Brazil’s private prison-management lobby is eager for the corrections system to emulate the United States in its effort to modernize failing prisons, but as local, state, and federal governments reel from the findings of sprawling, ongoing corruption investigations, the country needs desperately to crack down on big prison contracts that have little oversight. The family-owned Pamas consortium — a joint venture between private prison companies LFG and Umanizzare, which allegedly donated campaign funds to Gov. José Melo in 2014 — controls the private prisons of Amazonas. Those contracts are under investigation for possible fraud and price gouging, though the companies defend their pricing on the basis that their operations costs are higher than average in the remote region, and the governor claims that the state awarded the contracts through legal means.

The state and Umanizzare would have the public believe that inmates are acquiring new skills at IPAT’s “Nuclear Learning Center,” designed to train 30 students to become either firefighters or plumbers once they leave. But on the day of my visit, the facility was devoid of books or desks. Nobody could seem to find the keys to the classrooms. At the exit of the empty room, a handwritten sign read: Don’t just throw your papers on the floor.

“We have to transform these people into good citizens, to reeducate them, to reintegrate them to society, to return them better than when they entered,” Florêncio said, “but that vision is almost utopian.” Asked to identify the resources he needs most, he answered without hesitation: “Today the most important priority is food, absolutely.”

During a tour of the IPAT kitchen, the Umanizarre handlers slipped on hairnets (for my benefit) while the staff turned meat on the grill and stirred an enormous pot of stew, boasting of the 3,000 meals they serve each day, including special fare for Christmas and Thanksgiving.

Florêncio cited prison food as the leading cause of rampant gastrointestinal illness in the system.

That day, I interviewed guards and operations managers over lunch in the staff cafeteria. “A lot of Brazilians don’t have enough respect for how serious the security situation is here, for how we’re working,” Ramos said, digging into a slab of beef with a metal knife and fork. Staff keep their own sets of metal cutlery in little pouches in a secure locker area to make sure not a single scrap of metal reaches the hands of prisoners, though it’s not unusual for Brazilian prisoners to be shanked or decapitated with metal cutlery. “We’re having some success,” Ramos said. “I stand by the system. I stand by my state.”

The staff seemed surprised when I dug into my plate of rice, beans, spaghetti, and a little cup of Coke.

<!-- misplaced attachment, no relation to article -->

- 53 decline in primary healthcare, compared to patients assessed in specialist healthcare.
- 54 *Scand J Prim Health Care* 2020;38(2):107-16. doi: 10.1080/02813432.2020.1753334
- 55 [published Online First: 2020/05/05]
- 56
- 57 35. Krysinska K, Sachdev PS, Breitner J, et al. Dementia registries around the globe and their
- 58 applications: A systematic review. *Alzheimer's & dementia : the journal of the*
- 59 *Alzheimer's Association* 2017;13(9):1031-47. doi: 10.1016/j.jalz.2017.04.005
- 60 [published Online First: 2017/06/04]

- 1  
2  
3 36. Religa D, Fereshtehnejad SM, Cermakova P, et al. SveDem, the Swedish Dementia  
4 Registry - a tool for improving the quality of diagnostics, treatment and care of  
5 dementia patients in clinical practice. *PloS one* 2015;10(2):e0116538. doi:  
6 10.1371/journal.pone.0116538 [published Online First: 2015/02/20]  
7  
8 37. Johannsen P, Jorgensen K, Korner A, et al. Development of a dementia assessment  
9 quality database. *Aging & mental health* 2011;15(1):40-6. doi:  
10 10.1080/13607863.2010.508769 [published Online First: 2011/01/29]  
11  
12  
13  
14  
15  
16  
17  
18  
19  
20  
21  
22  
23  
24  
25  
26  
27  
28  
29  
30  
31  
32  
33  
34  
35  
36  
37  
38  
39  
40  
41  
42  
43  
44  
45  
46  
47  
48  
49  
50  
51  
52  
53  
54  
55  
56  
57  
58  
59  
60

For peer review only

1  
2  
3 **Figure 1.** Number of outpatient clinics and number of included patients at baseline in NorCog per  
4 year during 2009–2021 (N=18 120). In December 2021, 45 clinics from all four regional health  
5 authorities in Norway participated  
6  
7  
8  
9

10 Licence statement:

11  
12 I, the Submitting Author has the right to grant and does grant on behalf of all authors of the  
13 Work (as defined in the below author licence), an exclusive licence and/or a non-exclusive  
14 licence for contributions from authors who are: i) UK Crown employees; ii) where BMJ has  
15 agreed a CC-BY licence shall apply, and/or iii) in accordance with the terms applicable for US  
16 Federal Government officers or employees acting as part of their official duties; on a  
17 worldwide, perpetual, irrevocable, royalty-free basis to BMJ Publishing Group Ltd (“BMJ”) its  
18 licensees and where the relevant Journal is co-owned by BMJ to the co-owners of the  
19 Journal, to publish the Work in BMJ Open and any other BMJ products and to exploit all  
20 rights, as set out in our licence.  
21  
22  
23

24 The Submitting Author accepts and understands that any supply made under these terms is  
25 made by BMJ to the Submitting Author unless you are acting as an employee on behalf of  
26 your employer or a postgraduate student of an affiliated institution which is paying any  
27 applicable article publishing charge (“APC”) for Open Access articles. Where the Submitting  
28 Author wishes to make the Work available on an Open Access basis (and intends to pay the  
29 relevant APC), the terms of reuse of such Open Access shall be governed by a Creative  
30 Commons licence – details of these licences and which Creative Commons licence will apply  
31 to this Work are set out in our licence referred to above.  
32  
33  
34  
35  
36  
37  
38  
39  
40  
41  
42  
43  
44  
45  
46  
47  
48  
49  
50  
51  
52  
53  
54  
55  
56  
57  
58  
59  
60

“How do you like the monkey meat?” one guard asked — and old joke about prison food in Brazil.

“We’re just playing around,” another guard said. “It’s beef. Really.”

Praying for a crime wave

No matter what’s in the stew, the prisons are broken, and they’re only one shard of a fundamentally broken justice system in Brazil. Organized crime is growing — and so is the stark inequality that leaves too many young men with few ways to make a decent living. The allures of cartel life are magnified in the Amazon, so close to the world’s cocaine, so far from the rest of the world. Even youngsters who try to walk a righteous path face an early, often violent introduction to the justice system. Crime offers a brotherhood that seems stronger and more secure than the aloof state. On social media, those who escaped during the recent riots were folk heroes, and on the streets of Manaus, vendors sell DVDs of cell-phone footage of the riots, FDN vs. PCC, the pop culture incarnation of a cartel war that is staining the national fabric. Since the New Year’s massacre, the FDN has been taunting the PCC in funk songs posted on YouTube. Police in Manaus arrested a group of PCC members on a mission to kill the family of one of the FDN’s leaders.

A strain among Brazil’s elites seems more confident than ever that tough cops and hard time are the only cures for the scourge. After the first wave of riots, Temer’s National Youth Secretary Bruno Júlio gave voice to that view: “I’m pretty conservative. I’m a cop’s son, right?

There should be more killings. There should be one massacre per week.” Although he abruptly resigned, his sentiment toward prisons — and the young men of color who mostly fill them — is not all that unusual among the law-and-order crowd.

“These were no saints,” Amazonas Gov. José Melo, who was recently under investigation for election fraud, said of the riots. “These were murderers, rapists.”

No saints, perhaps, but men with families who pray for them. Every weekend on visitation days, hundreds of women and children in Manaus crowd into northbound buses, lumbering along BR-174 to the unassuming prison road beyond the landfill. On one of my visits to IPAT just before Christmas 2015, a few prisoners punted soccer balls around the main yard, searching the new arrivals for familiar faces. Vendors in the parking lot huddled under the shade of canvas tents, hawking Coke, water, and chips to the thirsty pilgrims who arrived up the gentle slope carrying birthday cakes, homemade Christmas ornaments, and newborn children. For these families, the question was not whether the prison was public or private, fair or corrupt, or whether the guards felt secure in their pensions. The question was whether their loved ones would ever come home again, and if they would still be the men their families remembered.